Our Self: Um blogue desalinhado, desconforme, herético e heterodoxo. Em suma, fora do baralho e (im)pertinente.
Lema: A verdade é como o azeite, precisa de um pouco de vinagre.
Pensamento em curso: «Em Portugal, a liberdade é muito difícil, sobretudo porque não temos liberais. Temos libertinos, demagogos ou ultramontanos de todas as cores, mas pessoas que compreendam a dimensão profunda da liberdade já reparei que há muito poucas.» (António Alçada Baptista, em carta a Marcelo Caetano)
The Second Coming: «The best lack all conviction, while the worst; Are full of passionate intensity» (W. B. Yeats)


CASE STUDY: As previsões do marxismo-leninismo são comparáveis às profecias de Nostradamus (3)

«Perhaps the most famous and most influential explanation of economic differences between rich and poor nations was V. l. Lenin’s Imperialism. lt was a masterpiece in the art of persuasion, for it convinced many highly educated people around the world, not only in the absence of compelling empirical evidence, but in defiance of a large body of hard evidence to the contrary.

The thesis of Imperialism was that industrial capitalist nations had surplus capital, which would drive down the rate of profit over time in accordance with Marxist theory, unless it were exported to the nonindustrial poorer nations of the world, where it could find a wider field for exploitation. What Lenin called the "super profits" to be earned in these poorer nations would save capitalism in the industrial nations and even allow them to share some of the fruits of their exploitation with their own working-classes, so as to keep them quiescent and forestall the proletarian revolution which Marx had predicted, but which by Lenin's time showed no signs of materializing. This theory thus neatly explained away the failure of Marx's predictions and at the same time provided a politically satisfying explanation of income differences between rich and poor nations.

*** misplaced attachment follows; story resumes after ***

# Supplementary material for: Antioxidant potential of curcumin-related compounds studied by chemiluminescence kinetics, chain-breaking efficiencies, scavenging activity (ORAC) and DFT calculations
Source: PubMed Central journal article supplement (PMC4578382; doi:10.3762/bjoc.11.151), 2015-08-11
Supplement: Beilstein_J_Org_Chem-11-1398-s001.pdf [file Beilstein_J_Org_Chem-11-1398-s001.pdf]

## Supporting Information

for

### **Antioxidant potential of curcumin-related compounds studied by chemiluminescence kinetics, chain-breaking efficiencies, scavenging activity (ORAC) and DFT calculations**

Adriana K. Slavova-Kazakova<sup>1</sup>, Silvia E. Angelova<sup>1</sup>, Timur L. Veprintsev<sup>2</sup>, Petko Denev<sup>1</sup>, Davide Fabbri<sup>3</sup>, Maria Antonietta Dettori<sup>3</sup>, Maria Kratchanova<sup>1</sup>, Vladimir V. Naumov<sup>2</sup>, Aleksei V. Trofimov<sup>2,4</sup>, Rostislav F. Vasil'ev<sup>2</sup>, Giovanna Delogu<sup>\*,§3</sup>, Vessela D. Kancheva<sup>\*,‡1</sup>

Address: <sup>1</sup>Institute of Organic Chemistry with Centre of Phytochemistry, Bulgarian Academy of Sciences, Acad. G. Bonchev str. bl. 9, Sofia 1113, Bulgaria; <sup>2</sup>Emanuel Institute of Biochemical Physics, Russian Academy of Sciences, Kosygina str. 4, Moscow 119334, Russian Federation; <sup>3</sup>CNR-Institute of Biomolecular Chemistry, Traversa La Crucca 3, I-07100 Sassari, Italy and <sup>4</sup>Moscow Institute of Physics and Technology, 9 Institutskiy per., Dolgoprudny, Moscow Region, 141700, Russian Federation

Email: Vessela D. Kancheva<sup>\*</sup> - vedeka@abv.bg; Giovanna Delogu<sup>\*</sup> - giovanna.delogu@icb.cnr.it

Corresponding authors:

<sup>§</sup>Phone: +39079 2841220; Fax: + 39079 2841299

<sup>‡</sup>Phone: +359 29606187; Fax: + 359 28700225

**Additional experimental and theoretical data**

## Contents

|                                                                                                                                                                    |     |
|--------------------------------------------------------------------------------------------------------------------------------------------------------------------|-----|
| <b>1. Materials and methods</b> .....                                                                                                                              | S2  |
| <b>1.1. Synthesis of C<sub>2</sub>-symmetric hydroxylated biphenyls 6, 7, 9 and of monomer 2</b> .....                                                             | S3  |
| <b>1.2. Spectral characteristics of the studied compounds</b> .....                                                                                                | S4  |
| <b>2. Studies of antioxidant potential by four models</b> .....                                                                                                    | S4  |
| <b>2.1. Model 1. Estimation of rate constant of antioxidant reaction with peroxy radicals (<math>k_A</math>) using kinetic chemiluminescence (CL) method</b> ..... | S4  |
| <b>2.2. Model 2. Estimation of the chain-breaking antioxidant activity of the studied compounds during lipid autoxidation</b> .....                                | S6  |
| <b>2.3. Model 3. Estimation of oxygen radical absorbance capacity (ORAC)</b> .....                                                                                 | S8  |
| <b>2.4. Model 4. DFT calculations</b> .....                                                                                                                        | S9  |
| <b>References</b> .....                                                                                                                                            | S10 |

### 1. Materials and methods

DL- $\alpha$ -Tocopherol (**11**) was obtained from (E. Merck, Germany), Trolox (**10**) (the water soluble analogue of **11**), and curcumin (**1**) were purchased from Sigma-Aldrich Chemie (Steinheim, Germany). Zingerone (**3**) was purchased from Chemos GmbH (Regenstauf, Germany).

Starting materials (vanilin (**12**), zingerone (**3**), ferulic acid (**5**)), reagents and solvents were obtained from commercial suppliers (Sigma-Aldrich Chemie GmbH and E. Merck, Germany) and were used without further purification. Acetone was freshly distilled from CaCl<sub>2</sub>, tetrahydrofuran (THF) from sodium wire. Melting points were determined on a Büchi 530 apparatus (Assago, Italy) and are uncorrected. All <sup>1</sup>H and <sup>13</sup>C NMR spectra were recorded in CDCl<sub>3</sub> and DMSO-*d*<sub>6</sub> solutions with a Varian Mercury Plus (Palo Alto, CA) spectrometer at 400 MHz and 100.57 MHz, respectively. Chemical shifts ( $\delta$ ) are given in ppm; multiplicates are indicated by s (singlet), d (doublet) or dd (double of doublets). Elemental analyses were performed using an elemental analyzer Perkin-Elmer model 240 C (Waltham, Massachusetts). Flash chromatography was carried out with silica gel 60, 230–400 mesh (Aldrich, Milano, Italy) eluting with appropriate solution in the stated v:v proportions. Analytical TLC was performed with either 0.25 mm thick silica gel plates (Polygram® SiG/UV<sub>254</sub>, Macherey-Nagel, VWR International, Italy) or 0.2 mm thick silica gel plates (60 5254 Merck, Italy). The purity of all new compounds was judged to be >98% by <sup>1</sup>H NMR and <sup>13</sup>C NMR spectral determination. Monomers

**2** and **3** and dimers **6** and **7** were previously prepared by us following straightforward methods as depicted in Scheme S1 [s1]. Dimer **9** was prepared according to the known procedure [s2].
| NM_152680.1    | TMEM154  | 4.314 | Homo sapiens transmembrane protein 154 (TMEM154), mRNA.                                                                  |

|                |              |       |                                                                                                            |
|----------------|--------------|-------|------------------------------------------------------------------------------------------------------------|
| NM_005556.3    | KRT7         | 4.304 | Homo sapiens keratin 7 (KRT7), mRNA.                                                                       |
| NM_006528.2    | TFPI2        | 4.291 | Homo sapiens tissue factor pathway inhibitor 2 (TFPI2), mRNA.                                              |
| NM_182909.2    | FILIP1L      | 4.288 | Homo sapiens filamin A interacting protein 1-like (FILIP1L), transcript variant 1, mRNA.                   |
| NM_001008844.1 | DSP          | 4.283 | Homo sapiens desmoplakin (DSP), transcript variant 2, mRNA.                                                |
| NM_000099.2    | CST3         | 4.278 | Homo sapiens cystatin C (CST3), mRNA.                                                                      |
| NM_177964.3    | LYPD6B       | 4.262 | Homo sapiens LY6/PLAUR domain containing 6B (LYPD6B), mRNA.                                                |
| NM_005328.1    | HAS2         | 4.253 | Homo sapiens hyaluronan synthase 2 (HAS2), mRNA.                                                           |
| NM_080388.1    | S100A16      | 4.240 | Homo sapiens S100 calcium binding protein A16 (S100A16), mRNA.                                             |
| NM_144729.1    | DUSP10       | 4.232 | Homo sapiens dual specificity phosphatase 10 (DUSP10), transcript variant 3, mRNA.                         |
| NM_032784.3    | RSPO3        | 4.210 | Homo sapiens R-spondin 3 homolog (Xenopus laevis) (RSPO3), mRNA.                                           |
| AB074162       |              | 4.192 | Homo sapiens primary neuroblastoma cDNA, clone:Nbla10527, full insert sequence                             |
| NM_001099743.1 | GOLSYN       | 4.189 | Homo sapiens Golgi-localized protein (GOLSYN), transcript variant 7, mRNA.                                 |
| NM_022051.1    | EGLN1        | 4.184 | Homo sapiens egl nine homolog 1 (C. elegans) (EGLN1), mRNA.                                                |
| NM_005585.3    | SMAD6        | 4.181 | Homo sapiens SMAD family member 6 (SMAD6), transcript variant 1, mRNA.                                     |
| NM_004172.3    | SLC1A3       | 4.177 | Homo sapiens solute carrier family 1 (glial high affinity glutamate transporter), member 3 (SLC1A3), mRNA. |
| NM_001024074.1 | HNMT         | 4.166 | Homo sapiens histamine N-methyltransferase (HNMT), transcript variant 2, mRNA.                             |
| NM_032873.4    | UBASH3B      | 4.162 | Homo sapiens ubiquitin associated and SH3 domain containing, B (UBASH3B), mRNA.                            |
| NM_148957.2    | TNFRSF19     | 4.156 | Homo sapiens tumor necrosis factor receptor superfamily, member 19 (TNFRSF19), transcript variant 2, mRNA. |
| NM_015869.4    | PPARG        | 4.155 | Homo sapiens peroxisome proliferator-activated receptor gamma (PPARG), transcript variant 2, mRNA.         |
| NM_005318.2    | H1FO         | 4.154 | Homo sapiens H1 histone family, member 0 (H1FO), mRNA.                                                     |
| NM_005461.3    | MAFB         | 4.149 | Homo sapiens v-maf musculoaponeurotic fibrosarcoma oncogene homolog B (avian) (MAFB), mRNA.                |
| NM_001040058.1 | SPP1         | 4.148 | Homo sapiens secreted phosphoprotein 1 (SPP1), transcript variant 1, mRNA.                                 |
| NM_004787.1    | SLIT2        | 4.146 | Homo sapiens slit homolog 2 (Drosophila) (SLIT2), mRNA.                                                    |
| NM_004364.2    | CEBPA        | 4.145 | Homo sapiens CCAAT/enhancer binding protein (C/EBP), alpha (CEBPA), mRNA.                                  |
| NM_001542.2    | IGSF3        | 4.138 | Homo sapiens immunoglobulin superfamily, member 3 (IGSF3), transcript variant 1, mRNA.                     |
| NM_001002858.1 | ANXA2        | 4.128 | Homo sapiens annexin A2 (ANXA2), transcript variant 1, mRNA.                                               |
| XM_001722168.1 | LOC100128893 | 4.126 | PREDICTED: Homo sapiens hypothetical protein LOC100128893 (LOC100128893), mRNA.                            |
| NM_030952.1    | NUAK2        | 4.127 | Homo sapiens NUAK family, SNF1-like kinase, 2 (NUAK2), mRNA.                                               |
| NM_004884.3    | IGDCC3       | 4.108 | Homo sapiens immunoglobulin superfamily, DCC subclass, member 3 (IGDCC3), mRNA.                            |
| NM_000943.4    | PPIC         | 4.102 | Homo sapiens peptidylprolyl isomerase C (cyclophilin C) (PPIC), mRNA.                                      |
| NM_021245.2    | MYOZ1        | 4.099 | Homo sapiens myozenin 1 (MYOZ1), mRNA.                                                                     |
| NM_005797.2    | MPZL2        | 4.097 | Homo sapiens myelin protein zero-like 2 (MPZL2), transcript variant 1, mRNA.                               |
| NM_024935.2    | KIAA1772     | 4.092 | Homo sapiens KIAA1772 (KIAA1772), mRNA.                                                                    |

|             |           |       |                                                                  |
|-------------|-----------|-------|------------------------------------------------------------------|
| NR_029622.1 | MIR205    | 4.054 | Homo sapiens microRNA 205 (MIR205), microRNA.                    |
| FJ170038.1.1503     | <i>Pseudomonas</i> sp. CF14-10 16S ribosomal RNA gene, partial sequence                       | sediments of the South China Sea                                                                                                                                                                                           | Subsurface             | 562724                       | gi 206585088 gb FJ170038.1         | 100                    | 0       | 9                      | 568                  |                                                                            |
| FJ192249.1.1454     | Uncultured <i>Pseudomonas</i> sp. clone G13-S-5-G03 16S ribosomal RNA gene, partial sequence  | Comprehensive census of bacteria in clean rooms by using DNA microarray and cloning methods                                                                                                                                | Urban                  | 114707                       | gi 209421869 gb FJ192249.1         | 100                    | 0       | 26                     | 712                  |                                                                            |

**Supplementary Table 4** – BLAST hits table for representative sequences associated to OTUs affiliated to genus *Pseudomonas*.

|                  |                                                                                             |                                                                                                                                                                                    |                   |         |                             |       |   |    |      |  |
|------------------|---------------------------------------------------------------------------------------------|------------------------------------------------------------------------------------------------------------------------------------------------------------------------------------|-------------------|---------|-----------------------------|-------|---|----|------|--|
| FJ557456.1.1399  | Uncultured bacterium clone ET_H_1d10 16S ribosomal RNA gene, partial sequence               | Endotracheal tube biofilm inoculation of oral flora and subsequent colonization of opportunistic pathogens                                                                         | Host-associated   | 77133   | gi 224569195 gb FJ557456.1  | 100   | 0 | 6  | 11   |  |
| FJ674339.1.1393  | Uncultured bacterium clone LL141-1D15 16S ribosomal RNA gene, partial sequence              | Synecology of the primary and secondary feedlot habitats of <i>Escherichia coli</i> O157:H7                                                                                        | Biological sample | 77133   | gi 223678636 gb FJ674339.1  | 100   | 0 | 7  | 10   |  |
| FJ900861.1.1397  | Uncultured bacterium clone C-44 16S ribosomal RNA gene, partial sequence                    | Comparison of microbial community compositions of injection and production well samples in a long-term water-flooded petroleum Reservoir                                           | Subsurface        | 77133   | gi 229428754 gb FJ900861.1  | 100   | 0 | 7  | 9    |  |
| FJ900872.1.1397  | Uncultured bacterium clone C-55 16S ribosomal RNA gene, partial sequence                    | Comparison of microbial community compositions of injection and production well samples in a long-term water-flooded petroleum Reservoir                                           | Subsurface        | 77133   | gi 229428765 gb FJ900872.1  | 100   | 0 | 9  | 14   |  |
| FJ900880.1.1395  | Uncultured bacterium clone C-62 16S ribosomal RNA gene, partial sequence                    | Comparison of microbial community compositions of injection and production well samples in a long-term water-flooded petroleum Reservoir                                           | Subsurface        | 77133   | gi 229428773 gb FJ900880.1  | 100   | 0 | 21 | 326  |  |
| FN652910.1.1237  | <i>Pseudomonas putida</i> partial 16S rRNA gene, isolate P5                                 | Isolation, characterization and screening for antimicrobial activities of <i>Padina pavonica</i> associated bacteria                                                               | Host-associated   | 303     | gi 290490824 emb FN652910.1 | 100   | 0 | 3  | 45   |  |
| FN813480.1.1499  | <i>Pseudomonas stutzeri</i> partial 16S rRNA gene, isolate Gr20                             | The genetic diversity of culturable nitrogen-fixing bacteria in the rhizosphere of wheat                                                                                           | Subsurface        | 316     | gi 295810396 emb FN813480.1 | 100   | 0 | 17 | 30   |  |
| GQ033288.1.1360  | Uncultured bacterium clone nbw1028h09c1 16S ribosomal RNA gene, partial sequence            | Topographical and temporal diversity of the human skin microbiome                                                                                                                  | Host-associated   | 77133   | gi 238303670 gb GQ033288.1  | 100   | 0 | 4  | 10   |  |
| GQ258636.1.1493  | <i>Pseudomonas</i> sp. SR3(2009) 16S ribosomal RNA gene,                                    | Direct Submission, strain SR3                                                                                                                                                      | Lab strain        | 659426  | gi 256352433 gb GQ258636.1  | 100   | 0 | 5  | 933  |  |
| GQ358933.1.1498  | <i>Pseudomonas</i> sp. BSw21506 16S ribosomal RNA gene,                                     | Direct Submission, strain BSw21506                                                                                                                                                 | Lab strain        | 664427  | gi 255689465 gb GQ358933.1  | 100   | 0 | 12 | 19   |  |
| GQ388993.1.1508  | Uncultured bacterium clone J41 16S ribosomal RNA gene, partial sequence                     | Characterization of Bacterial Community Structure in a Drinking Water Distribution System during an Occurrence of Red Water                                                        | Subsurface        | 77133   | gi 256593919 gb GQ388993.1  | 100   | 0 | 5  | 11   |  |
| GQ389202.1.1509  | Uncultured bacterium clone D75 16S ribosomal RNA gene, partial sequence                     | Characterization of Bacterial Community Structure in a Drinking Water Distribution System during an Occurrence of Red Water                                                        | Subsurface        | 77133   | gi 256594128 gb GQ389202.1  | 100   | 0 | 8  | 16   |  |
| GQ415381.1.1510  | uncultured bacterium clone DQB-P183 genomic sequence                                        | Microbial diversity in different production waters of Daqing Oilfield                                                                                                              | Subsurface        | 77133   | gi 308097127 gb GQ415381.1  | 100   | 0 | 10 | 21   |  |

A table of statistics in Imperialism provided a crucial summary evidence for Lenin's theory. The countries listed in capital letters across the top of the table are the industrial capitalist nations that were investing the various sums of money shown in the places listed in smaller letters along the side of the table - supposedly in the poorer and less industrially developed parts of the world. But the huge and heterogeneous categories - for example, "America," meaning the entire Western Hemisphere - make it impossible to know whether the industrial nations' investments are being made in the less industrial parts of these sweeping categories or in the more industrialized parts. However, data from other sources make it clear that in fact most of the foreign investments of prosperous industrial nations went to other prosperous industrial nations - then and now.

The United States was then, and is today, the largest recipient of foreign investment from Europe. Likewise, the foreign investments of Americans went primarily to other prosperous modern nations, not to the Third World. For most of the twentieth century, the United States invested more in Canada than in all of Africa and Asia put together. Only the economic rise of postwar Japan and, later, other Asian industrializing nations, attracted American investments to Asia on a large scale in the latter part of the twentieth century. In short, the actual pattern of international investments went directly opposite to the theories of Lenin, who concealed that fact within his large and heterogeneous categories of investment recipients.»

Exploitation, Economic Facts and Fallacies, Thomas Sowell


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